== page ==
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Tips for Sprouting Seeds in Egg Cartons: Starting seeds, egg carton growing & container gardening.



 

One of the most valuable ways I've learned to save money as a gardener is by reusing and recycling. For example, I use egg cartons as starting pots for my seedlings.


Starting seeds in egg cartons can be a fun and easy way to grow your own plants from seed. This is perfect for kids, people with a tiny garden, or even if you just want more space to start more plants than you could possibly grow from the soil.


You can start sprouting seedlings in egg cartons at any time of year! They’re perfect for indoor plant starts or for growing plants outside during the summer months. In this post, I’ll show you exactly how to do it!


Supplies and Materials

  • Cardboard/bio-degradable egg carton

  • Scissors or Sharp Knife

  • Potting soil

  • Egg Shells

  • "Sprouted" Seeds

How to Plant Seeds in Recycled Egg Cartons


1. Prep egg cartons. Fill your individual egg cups about half full with loose topsoil. Keep the recommended planting depth in mind. You should be able to find this information on your seed packets. Some seeds will need to be planted deeper, so add less soil during this step for those seeds.


2. Crushed Eggshells. Add a teaspoon of crushed/powdered eggshells on top of the topsoil in each egg cup. Eggshells are an organic, biodegradable plant pot that adds calcium, nitrogen, and phosphoric acid to your garden soil.



3. Add MORE topsoil. Fill egg cups with topsoil and lightly compress. This will aid in keeping seedling/roots more robust when transplanting.



4. Make a hole. Use your finger, a stick, chopstick- whatever. Just make a hole to drop your sprouted seed into.



5. Place the seed. I like to start my seeds in paper towels until they begin to sprout first. This guarantees seed viability, growth, AND lets me know how to plant them most effectively. Place a seed in the hole you created in each egg cup. For best results plant seed husk down.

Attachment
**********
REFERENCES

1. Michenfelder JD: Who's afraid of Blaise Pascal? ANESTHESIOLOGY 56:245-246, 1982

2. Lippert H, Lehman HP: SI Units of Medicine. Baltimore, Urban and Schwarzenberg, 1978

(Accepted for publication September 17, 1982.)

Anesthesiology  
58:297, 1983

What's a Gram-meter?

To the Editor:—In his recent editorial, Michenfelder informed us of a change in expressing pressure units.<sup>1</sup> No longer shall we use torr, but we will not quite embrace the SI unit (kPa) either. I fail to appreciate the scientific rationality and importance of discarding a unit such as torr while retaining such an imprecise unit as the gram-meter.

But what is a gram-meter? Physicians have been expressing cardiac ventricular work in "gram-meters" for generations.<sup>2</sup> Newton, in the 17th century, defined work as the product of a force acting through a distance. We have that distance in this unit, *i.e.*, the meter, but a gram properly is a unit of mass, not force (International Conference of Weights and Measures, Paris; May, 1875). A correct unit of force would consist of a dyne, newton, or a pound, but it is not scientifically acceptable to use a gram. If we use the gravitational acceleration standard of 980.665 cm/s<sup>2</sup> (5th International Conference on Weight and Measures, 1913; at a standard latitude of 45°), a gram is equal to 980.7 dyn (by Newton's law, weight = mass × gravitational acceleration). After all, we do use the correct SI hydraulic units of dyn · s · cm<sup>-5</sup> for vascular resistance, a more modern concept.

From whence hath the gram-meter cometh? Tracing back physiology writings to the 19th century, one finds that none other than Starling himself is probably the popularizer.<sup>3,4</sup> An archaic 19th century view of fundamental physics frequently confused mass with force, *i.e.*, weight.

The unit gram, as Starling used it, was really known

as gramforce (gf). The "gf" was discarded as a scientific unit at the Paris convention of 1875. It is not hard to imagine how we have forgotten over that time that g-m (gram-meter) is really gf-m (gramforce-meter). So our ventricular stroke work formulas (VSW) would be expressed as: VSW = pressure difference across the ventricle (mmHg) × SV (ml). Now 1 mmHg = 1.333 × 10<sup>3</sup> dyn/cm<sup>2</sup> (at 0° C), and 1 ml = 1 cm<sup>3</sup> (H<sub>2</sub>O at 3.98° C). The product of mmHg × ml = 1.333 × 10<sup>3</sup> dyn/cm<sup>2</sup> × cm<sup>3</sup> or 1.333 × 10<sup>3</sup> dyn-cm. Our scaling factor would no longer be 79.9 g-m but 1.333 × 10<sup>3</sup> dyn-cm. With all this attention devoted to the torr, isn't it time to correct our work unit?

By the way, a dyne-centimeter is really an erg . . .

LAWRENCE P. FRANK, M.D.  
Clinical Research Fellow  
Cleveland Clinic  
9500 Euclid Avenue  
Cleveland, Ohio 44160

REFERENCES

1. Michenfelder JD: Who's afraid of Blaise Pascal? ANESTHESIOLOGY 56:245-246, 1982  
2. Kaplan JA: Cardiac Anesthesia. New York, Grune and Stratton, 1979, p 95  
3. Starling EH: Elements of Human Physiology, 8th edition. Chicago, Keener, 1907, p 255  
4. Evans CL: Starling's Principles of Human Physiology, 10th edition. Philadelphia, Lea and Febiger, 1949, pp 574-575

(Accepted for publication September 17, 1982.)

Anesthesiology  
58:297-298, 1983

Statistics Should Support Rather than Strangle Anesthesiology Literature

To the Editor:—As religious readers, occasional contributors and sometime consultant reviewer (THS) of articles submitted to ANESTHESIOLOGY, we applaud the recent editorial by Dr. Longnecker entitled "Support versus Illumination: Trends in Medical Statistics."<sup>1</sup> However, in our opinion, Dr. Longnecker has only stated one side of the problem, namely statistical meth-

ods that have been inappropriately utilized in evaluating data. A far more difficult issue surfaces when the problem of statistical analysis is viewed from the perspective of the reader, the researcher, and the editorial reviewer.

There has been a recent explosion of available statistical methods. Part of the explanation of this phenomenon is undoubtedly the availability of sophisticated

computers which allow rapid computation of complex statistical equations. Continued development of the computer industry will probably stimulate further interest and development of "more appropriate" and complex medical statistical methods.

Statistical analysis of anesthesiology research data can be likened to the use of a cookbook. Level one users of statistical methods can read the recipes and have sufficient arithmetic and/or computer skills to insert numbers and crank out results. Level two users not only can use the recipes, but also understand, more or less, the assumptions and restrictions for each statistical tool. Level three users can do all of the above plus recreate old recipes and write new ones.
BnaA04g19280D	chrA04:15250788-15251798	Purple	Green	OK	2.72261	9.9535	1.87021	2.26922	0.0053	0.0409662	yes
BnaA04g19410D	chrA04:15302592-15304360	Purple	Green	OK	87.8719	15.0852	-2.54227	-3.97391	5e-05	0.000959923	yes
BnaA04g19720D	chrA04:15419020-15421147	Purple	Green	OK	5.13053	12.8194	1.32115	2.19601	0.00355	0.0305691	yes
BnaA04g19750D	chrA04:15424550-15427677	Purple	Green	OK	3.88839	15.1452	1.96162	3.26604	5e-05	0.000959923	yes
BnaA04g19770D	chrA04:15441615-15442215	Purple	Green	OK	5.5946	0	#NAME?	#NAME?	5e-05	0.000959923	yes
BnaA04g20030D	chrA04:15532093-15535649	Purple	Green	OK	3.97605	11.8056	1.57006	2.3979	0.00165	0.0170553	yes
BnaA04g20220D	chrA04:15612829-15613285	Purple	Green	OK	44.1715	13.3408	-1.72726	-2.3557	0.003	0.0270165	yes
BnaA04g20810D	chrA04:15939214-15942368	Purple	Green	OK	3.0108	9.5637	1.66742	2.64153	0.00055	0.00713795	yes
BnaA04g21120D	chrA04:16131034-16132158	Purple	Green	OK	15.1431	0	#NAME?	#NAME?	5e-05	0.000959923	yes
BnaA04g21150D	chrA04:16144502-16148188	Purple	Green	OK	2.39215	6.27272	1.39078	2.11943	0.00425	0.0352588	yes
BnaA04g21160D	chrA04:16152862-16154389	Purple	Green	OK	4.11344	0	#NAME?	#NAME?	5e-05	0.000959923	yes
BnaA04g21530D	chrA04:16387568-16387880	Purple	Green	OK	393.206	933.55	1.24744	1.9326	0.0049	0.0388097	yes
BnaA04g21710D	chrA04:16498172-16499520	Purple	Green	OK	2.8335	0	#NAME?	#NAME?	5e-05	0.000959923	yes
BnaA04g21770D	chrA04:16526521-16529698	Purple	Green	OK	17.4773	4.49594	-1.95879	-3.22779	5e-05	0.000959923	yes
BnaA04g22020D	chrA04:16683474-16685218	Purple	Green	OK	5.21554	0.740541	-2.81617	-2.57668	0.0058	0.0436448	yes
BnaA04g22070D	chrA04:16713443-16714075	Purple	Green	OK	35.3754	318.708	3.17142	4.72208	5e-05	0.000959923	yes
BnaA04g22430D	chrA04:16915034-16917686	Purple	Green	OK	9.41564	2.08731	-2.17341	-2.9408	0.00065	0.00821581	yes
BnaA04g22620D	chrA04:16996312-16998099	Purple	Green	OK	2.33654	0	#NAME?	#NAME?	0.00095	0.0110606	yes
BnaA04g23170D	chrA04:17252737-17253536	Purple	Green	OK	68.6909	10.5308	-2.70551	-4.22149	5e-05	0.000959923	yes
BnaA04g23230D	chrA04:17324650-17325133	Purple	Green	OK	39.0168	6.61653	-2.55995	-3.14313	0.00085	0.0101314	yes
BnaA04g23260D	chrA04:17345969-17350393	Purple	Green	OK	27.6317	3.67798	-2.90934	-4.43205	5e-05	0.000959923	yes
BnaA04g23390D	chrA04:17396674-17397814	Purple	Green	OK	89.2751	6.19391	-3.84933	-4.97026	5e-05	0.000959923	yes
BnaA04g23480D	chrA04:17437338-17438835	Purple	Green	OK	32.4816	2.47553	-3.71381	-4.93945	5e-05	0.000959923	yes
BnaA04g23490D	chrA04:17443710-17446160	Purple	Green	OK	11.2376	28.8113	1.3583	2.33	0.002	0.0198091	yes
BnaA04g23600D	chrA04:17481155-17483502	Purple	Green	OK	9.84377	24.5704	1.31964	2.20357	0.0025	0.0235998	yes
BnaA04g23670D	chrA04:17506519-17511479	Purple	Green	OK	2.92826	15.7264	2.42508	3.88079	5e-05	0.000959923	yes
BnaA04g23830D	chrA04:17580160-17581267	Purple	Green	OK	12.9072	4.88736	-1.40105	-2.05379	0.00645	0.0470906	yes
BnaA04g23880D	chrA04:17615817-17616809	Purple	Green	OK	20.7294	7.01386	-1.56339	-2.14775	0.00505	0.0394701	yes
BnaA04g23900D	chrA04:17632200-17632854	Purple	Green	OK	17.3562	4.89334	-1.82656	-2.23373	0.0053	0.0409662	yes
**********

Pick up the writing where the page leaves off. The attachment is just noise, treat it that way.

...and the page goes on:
6. Cover the seeds with a thin layer of soil. Once again, you'll need to keep the recommended depth in mind. Some seeds like more cover than others. Lightly tamp/press down to keep loose soil from falling away when watering.



7. Water your seed cups. The bio-degradable egg carton will soak up the water and keep your seeds moist.




 

TIPS: I like to place the carton in a waterproof container with an inch of water it at all times...This helps keep moisture in.



Place your seed cups in the sun. Different plants have different sunlight requirements—your plants' seed packets should give you the particulars—but all plants need sunlight to grow. Be sure that your seed cups are in a place where they can get enough sun.


Water your cups/cartons regularly.


 

The nice thing about using paper egg cups is that once your seedlings are sufficiently grown, you can plant them directly in the soil—paper cup and all. As you can see in the photo above, the roots will be able to grow right through the paper, which will eventually break down into compost once planted. The paper will also help your newly planted seedlings' roots stay moist until it breaks down completely.


How to Repot Your Seedlings

Some seedlings' roots may outgrow the egg cups before they're ready to be planted outside. When this happens, you can simply plant your seedlings (egg cup and all) into a larger container or garden space.


 


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